Alan Ladd made three additional Paramount films—Lucky Jordan (1942), Star Spangled Rhythm (1942; a cameo), and China (1943)—before getting his “Greetings” notice from Uncle Sam. A history of stomach troubles technically earned Ladd a 4-F designation, though he did serve briefly in the United States Army Air Forces First Motion Picture Unit.  Alan returned to his motion picture career with And Now Tomorrow (1944), then found himself re-classified 1-A after taking an Army physical.  This meant that he would eventually be re-drafted.  Paramount, concerned about their star, postponed the inevitable with a series of deferments in order to allow Ladd to make Two Years Before the Mast (made in 1944 but released two years later), Salty O’Rourke (1945), and the all-star Duffy’s Tavern (1945).  But by the time he completed The Blue Dahlia (1946)—his fourth with Veronica Lake—a directive from the U.S. Army released all men over the age of 30 from military service, allowing Alan to continue with films like O.S.S. (1946) and Calcutta (1947).

A high-profile film star like Alan Ladd naturally found himself in demand where radio was concerned…and his previous experience proved invaluable when he had to reprise both his own film roles and others on dramatic anthologies like The Cavalcade of AmericaHollywood Star TimeThe Lady Esther/Camel Screen Guild TheatreThe Lux Radio TheatreScreen Directors’ PlayhouseThe Silver Theatre, and Theatre of Romance.  Ladd appeared on Suspense four times, and guest starred on the likes of Command Performance and G.I. Journal.  In addition, he spoofed his “tough guy” image while joshing with the likes of Abbott & Costello, Jack Benny, Burns & Allen, Eddie Cantor, Ed Gardner (Duffy’s Tavern), Dinah Shore, and Rudy Vallee.

Alan Ladd’s most famous radio contribution came in the form of an adventure series entitled Box 13, a syndicated program from Mayfair Productions. (“Mayfair” had been the name of a chain of restaurants the actor invested in with his old friend Bernie Joslin.)  Box 13 featured “Laddie” as Dan Holiday, a retired-newspaper-reporter-turned-mystery-novelist who got inspiration for his books with the insertion of a simple ad in his local paper: “Adventure wanted.  Will go anywhere, do anything.  Box 13.”  Although the series was produced for syndication, the series aired on both the West and East Coast Mutual networks.  The strides made in transcribing shows for later broadcast meant that Alan did not need to not be tied down to a weekly series. Thus he was able to star in such films as Saigon (1948; his final teaming with Veronica Lake), Whispering Smith (1948), The Great Gatsby (1949), and Chicago Deadline (1949).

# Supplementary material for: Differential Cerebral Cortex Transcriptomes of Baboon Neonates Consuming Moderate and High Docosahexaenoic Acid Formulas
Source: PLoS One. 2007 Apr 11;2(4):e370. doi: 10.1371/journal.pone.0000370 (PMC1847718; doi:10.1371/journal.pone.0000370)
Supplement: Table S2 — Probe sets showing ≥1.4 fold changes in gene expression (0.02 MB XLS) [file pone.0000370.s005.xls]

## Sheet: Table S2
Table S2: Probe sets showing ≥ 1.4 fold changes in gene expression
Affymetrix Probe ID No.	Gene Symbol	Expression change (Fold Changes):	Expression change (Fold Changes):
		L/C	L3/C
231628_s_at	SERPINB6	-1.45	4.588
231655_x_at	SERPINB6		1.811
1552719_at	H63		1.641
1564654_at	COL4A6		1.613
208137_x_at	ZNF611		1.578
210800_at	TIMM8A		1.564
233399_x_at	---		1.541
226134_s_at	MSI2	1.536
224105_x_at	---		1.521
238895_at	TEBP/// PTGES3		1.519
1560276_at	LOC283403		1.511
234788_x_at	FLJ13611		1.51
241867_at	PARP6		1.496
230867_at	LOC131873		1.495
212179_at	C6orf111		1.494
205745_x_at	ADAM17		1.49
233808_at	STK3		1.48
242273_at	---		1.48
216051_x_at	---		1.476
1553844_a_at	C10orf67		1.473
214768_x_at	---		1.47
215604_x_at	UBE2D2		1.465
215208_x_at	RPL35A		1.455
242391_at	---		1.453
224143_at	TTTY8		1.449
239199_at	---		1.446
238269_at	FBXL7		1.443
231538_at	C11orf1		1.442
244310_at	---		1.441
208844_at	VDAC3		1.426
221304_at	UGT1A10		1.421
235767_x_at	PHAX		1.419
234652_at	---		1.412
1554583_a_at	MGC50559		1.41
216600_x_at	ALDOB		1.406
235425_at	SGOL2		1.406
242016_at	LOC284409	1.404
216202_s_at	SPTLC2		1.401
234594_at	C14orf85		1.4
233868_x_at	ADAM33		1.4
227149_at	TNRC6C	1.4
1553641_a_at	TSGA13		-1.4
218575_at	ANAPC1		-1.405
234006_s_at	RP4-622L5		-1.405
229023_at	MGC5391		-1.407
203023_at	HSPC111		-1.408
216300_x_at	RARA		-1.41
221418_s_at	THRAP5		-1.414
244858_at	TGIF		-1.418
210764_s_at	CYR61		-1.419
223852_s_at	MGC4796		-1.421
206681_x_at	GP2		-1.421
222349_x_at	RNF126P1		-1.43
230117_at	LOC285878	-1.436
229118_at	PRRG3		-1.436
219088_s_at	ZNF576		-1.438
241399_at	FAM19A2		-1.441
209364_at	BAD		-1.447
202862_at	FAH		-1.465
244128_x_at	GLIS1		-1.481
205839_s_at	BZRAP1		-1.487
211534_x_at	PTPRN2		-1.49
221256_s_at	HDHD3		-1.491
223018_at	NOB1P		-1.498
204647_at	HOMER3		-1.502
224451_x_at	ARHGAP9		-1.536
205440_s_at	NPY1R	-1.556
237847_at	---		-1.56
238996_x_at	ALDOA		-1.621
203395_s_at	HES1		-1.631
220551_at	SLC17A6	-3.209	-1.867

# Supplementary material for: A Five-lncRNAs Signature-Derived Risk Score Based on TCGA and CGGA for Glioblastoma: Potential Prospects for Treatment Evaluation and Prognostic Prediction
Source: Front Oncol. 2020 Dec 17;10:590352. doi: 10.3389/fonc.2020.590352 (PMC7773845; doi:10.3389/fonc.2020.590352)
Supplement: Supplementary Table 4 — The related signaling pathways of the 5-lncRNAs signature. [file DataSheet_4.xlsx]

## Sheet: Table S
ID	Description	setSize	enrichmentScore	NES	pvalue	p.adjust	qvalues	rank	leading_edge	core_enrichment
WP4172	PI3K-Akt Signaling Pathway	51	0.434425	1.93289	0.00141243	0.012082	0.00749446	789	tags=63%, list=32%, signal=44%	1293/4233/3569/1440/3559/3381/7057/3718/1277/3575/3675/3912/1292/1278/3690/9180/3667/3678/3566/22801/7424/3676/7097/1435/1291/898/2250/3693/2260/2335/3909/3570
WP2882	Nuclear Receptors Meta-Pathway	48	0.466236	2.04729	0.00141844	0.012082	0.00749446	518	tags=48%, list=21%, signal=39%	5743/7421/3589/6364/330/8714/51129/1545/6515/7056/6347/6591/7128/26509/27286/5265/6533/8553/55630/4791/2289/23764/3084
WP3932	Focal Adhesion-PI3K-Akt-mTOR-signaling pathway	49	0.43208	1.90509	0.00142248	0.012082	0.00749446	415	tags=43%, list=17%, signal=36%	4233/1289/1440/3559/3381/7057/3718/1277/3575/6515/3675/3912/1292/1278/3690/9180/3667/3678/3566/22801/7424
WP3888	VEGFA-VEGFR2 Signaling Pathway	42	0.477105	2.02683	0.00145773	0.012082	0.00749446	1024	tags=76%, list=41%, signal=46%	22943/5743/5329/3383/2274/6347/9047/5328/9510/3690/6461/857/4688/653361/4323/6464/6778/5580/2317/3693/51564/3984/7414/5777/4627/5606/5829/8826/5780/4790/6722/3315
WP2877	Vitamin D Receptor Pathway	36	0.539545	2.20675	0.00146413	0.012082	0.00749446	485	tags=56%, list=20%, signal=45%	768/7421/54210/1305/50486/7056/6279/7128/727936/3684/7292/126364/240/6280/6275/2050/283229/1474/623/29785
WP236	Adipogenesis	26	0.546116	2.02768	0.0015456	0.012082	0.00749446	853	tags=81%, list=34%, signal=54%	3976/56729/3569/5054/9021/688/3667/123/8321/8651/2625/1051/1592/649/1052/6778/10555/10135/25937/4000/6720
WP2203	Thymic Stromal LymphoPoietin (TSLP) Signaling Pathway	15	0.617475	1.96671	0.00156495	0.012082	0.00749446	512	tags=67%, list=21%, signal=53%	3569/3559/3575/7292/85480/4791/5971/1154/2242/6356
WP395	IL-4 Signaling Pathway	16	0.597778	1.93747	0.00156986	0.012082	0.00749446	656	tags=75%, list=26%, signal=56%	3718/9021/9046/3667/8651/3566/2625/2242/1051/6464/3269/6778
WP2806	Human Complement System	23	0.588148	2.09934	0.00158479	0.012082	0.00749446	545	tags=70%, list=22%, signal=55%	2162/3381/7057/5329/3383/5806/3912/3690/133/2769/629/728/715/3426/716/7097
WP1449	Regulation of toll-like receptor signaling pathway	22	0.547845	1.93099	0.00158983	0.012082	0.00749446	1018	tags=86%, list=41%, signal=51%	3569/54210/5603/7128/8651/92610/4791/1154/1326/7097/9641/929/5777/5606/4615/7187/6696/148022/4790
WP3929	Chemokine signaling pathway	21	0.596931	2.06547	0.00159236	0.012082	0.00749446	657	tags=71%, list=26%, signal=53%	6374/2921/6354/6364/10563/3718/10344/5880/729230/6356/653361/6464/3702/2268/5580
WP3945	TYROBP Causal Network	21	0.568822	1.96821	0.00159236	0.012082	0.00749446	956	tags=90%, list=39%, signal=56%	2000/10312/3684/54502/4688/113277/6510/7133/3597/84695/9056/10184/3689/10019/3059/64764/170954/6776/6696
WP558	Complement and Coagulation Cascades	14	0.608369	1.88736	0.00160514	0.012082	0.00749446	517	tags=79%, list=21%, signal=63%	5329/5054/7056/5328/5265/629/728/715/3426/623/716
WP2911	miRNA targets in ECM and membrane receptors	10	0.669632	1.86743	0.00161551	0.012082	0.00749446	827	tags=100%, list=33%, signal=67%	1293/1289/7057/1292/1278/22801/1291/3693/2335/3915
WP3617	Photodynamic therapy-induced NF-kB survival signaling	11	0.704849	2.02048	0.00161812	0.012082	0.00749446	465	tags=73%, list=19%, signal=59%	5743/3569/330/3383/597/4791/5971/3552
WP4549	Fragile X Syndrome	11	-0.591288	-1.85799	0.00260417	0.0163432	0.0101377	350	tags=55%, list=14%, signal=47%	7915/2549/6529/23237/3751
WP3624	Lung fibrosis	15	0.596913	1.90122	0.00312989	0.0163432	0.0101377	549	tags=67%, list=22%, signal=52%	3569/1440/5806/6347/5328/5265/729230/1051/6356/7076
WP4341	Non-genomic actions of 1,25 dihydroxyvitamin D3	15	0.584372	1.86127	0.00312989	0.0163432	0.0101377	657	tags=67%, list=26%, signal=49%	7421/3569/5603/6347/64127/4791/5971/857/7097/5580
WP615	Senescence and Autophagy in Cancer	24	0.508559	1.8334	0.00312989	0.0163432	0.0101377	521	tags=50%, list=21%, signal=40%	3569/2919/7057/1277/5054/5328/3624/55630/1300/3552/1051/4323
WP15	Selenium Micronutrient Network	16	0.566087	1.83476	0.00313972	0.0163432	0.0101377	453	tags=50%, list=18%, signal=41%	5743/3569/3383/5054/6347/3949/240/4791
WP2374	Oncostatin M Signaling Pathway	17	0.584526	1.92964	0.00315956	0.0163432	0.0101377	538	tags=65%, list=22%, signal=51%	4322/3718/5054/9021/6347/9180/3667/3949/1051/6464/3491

Alan Ladd’s movie work didn’t slow down in the 1950s…and yet he wasn’t the big marquee name that distinguished his career in the previous decade.  Ladd appeared in film noirs like Captain Carey, U.S.A. (1950) and Appointment with Danger (1951), and graced westerns like Drum Beat (1954) and The Proud Rebel (1958).  His best cinematic turn at this time was his starring role in Shane (1953), considered by many to be one of the finest westerns in movie history.  Ladd kept working and his final film, The Carpetbaggers (1964), was released a few months after his death in January of that year—Alan succumbed to an accidental overdose of alcohol and barbiturates at the age of 50.

Alan Ladd’s signature role as Dan Holiday is spotlighted in the Radio Spirits collection Box 13; this 8-CD set features the first sixteen episodes of the series.  But you can also hear today’s birthday boy in a funny George Burns & Gracie Allen broadcast from March 7, 1944) on Burns & Allen and Friends, and an adaptation of “The Glass Key” from The Lady Esther Screen Guild Theatre (07/22/46), which you’ll find on Smithsonian Legendary Performers: Dashiell Hammett.  Happy birthday, Alan!